What happens when those worthless mineral rights that grandma and grandpa carved off all of those years ago suddenly and dramatically increase in value? People fight over them. In Ohio, this ownership fight often centers on application of the Ohio Dormant Mineral Act (ODMA), which, under certain circumstances, can vest severed mineral interests in the surface owner.
On Aug. 20, 2014, the Ohio Supreme Court heard oral arguments for two cases regarding interpretation of the ODMA: Dodd v. Croskey and Chesapeake v. Buell. Specifically, these cases seek a decision from the state high court about what constitutes a “savings event” (an event that prevents a severed mineral interest from vesting in the surface owner) under the ODMA.
In Dodd, the primary question before the court is whether the appellee-mineral holder did enough to retain the severed mineral interest after receiving notice that the appellant-surface owner intended to declare the mineral interest abandoned. The ODMA provides that after a notice to abandon is served or published, the holder must record “one of the following” to preserve: 1) a claim to preserve; 2) an affidavit that identifies a savings event.
In Dodd, after the abandonment notice was published, the holder only recorded the former. The lower courts, in essence, held that complying with either preservation technique is enough to preserve a severed mineral interest. The surface owner, however, contended that a claim to preserve only avails if it is recorded prior to the abandonment notice, and – once notice has been served or published – in order to preserve, the holder must record an affidavit that identifies a savings event. In support of this interpretation, the surface owner argued that the use-it-or-lose-it policy behind the ODMA would be rendered moot if a holder could simply record a claim to preserve.
At Dodd’s oral argument, the court’s questions focused on the consequences of the surface owner’s more restrictive interpretation of the ODMA, versus the mineral holder’s broader interpretation. Unfortunately, the court did not reveal its tendency to find one way or the other.
In Buell, the court was asked to determine whether the execution (and recording) of an oil and gas lease by a mineral holder and/or the expiration of a mineral holder’s oil and gas lease constitutes a “title transaction” (and, therefore, a savings event) under the ODMA.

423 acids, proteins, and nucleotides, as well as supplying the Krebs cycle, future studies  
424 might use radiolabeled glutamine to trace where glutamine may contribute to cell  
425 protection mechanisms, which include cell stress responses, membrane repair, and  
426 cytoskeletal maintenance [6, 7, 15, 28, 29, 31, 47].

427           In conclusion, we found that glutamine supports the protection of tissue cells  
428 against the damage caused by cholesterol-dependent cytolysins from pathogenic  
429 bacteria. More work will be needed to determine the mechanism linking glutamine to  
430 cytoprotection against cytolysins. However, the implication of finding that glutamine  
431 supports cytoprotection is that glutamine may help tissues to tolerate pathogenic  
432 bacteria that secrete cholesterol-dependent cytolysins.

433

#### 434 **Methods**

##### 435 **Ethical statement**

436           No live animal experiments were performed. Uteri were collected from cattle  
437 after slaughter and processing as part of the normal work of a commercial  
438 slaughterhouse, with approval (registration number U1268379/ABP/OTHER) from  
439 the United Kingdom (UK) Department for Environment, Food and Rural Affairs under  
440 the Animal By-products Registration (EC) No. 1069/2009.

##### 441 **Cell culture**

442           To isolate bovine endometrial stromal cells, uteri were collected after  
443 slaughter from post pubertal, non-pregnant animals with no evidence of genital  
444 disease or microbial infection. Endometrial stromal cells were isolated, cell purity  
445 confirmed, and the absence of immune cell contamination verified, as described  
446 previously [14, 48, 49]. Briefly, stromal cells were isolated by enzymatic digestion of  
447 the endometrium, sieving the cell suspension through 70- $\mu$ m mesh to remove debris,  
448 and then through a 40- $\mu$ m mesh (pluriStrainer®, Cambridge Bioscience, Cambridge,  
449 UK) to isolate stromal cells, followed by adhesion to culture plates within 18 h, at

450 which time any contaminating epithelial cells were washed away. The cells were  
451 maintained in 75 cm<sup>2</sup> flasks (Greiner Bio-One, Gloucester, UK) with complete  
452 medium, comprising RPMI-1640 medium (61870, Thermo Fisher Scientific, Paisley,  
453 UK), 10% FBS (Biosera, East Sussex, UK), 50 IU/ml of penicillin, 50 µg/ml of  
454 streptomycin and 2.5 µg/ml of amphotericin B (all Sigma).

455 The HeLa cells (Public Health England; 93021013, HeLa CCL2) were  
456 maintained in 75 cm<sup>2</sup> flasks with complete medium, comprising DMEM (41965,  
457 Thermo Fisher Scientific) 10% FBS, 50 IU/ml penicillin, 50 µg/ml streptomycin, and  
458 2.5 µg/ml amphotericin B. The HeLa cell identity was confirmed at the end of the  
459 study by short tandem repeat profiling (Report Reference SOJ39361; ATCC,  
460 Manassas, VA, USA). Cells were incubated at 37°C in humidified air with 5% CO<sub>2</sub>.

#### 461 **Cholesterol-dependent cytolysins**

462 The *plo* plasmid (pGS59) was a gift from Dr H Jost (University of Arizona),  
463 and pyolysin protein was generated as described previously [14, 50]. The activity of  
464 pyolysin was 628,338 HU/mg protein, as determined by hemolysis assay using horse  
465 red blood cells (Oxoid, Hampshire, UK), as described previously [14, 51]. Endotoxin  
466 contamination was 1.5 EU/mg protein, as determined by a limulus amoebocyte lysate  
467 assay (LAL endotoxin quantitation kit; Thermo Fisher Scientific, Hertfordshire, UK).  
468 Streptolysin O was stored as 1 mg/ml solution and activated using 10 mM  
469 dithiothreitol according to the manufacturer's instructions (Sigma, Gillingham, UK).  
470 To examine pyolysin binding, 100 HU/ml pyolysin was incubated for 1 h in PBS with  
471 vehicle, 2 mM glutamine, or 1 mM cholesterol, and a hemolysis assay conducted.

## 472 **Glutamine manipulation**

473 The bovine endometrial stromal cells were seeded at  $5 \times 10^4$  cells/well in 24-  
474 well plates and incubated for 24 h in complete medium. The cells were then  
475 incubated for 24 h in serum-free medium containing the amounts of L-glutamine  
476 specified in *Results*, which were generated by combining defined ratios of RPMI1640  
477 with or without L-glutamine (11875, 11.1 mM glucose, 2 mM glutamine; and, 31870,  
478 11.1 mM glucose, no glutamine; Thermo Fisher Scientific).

The surface owner took a technical position, arguing that neither of these events constitute a title transaction because the ODMA does not specifically say they do. Moreover, because the state legislature included “the actual production or withdrawal of minerals by the holders” as a savings event, it did not intend for either the granting or expiration of a lease to constitute a savings event.
The mineral holder, unsurprisingly, argued that an oil and gas lease very much “affects” title, and, therefore, must constitute a title transaction. Furthermore, with regard to the second question, the holder argued that because the expiration of a lease is a reversion back to the mineral holder, it affects title similar to the granting of a lease, only in reverse, and therefore is also a title transaction.
At oral argument, the court’s questions seemed to be critical of the position that a recorded oil and gas lease is not a title transaction, with the justices asking why it would not be if it acts as an encumbrance on title for every other purpose. On the other hand, the court appeared more ambivalent with regard to the second question, expressing dismay at the proposition that the expiration of a lease, without a separate recording (e.g., a release of lease), could constitute a title transaction.
The oral arguments underscore the confusion caused by the ODMA, and, more broadly, showcase the problems an inartfully drafted statute can cause – often more than it intends to solve. Hopefully, the court takes this opportunity to establish a clear framework for interpreting and applying the ODMA, providing Ohio landowners and the oil and gas industry with what has been lacking thus far: